Olive Elm | Oneida Nation of the Thames



Tribal Nation

Oneida Nation of the Thames


Portrait of Olive Elm in purple shirt with flowers

Watahíne, Olive Elm, is Bear Clan from the Oneida Nation of the Thames. At eighty years of age, Olive has clear memories of sitting with her mother in the longhouse and with her grandmother in church. In these times, she listened to her elders and she learned. What was most important to learn and know could not be found anywhere but in the voice of those elders. Today Olive is one of the elders, and one of thirty-eight fluent speakers left in her nation. Olive honored her mother’s guidance to know her culture.

Olive has been an activist in her community. She served on the band council for twelve years and worked for the band for thirty years in the language center. She was teaching language when the center was simply a committee of four people—Olive and her late husband and Olive’s mentor the late, Mercy Doxtator and Mercy’s late husband. There was no building and little funding. 

After Olive got elected to the band council, she rode to her first meeting with the elected chief. He asked her what she would like to see happen during her two-year term. She said, “A new language center.” The chief put it on the table at the meeting and the council passed a resolution to build a language center. Seven years later, the building was complete. 

While they had a building, funding was not consistent. There was one year with no funding and Olive and Mercy continued to teach three nights a week. During lean years Olive and Mercy did their own fundraising to keep the building going and pay for heat and water. Olive’s devotion to her language spanned thirty years at the center.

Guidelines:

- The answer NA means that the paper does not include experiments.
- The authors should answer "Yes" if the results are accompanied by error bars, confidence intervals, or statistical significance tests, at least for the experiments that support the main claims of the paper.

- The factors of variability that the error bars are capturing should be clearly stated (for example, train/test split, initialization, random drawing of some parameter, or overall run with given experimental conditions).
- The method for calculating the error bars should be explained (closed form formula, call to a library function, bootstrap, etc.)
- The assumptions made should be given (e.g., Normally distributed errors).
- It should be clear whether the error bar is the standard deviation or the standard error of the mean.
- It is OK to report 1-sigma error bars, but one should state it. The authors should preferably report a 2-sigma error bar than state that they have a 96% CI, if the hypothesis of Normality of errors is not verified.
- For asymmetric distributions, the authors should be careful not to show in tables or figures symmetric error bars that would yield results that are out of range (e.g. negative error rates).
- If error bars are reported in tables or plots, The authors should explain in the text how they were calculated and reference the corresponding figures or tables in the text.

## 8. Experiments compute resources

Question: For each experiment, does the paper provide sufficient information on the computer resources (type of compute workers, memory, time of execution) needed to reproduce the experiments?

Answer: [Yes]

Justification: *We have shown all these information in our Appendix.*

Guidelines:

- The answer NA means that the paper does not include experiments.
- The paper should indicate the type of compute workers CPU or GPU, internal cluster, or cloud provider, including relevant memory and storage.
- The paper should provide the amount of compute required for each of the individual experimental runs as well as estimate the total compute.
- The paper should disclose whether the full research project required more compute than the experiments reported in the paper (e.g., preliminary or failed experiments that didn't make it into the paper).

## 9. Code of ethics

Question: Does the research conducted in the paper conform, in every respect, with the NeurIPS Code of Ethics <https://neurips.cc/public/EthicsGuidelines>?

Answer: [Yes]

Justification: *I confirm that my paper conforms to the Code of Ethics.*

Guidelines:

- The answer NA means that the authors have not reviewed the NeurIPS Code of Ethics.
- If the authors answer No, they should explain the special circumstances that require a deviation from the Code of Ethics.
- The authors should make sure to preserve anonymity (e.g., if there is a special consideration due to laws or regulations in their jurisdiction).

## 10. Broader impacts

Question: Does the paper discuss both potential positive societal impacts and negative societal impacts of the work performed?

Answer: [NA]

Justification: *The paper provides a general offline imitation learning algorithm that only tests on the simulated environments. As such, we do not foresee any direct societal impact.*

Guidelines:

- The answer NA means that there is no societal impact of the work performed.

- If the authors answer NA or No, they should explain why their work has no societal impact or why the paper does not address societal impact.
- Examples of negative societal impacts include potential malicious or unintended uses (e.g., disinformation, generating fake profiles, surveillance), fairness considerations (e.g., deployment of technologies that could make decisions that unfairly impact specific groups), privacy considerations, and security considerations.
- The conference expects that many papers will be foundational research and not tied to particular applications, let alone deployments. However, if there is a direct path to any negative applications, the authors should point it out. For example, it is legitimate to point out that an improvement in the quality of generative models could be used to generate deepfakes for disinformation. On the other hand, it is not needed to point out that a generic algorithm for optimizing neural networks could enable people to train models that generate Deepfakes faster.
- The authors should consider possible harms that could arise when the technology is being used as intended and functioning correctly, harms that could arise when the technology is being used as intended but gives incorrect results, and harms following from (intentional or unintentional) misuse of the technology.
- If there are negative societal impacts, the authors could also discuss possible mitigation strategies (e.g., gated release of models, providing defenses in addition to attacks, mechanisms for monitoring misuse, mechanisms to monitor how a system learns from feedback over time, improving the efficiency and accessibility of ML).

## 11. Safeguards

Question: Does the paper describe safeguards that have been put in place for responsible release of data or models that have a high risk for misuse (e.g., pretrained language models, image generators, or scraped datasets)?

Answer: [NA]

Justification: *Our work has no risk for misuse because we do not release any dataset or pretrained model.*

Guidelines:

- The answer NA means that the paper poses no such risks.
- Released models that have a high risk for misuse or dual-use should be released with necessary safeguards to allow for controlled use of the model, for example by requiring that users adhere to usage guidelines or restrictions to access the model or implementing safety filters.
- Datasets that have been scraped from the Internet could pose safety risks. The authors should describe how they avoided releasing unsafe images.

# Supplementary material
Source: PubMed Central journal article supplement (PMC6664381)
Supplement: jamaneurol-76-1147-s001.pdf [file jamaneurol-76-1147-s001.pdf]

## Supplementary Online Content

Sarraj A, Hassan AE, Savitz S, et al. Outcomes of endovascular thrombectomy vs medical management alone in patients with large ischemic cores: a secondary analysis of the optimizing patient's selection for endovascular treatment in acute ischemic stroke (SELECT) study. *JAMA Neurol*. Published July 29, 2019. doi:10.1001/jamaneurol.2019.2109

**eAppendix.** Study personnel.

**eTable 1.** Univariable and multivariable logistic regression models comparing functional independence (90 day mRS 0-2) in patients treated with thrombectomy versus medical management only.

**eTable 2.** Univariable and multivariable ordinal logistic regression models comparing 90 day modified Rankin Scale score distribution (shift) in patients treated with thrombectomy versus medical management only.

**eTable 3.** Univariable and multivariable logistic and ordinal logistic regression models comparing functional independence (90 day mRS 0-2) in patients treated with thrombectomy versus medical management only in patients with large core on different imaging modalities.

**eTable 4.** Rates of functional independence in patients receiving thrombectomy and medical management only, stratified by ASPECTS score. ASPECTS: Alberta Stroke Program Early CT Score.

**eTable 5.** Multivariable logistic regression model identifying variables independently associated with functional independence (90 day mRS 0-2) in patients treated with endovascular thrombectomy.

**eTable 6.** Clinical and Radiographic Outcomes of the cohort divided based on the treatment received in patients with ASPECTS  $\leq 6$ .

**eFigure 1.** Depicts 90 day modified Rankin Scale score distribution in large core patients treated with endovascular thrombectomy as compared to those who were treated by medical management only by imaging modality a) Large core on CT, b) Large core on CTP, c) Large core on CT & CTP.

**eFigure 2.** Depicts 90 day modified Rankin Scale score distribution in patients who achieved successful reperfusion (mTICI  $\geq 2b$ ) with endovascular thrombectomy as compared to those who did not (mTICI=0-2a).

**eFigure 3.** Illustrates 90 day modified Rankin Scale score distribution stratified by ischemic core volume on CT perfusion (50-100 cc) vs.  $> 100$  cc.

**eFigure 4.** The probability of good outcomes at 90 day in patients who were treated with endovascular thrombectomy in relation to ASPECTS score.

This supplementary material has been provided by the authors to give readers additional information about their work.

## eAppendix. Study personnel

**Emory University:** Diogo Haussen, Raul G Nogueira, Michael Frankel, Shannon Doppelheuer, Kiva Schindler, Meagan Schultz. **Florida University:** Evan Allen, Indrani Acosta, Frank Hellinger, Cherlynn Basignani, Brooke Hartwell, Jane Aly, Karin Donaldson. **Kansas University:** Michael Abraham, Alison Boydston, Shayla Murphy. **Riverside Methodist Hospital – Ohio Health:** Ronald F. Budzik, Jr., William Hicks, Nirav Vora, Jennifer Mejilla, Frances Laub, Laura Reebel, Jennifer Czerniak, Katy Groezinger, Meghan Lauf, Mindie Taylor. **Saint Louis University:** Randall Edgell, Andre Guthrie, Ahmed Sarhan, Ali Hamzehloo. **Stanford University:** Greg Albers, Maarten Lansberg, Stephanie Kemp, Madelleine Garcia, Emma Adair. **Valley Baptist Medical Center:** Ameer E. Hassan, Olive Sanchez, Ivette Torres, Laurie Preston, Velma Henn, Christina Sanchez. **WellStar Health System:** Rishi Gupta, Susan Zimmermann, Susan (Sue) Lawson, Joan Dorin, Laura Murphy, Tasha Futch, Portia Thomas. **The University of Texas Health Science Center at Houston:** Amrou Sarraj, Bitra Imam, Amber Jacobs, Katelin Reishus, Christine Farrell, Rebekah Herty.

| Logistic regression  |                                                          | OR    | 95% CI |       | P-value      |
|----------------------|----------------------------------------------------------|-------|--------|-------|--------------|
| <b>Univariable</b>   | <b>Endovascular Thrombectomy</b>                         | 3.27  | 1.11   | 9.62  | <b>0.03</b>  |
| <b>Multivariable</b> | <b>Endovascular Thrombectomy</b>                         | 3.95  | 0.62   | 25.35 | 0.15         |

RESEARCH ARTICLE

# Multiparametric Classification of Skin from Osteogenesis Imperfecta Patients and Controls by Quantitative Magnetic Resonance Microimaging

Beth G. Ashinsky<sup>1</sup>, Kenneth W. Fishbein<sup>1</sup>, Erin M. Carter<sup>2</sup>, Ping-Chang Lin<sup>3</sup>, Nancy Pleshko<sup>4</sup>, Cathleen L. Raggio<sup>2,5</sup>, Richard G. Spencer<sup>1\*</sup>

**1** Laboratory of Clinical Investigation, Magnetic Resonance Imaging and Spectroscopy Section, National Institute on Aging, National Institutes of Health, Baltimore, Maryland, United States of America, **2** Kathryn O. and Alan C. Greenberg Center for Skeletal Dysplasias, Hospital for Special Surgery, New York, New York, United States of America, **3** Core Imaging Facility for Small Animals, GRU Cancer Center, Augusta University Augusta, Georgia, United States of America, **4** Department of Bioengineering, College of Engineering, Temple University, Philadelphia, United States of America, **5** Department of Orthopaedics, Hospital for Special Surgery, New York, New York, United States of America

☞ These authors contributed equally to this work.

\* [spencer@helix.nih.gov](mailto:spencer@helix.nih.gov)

Olive is given  her knowledge in the community. She helped a past chief learn to open the meetings in the language. She taught a traditional healer the language for the medicines she gathered and used. She translated prayers and hymns for the Oneida Choir to learn about their language. She collaborated with teachers to develop language materials and she has translated and transcribed old tapes of cultural stories, and ceremonial speeches, Today. Olive is still teaching the language with individual Master Apprentices. 

When Olive started teaching the language there were two-hundred and forty-six speakers. As one of the last thirty-eight, Olive believes she is leaving something behind for young people. And she is encouraged by these young people. She believes they are interested in learning the language she has devoted her life to saving.

Photo of river with trees on both sides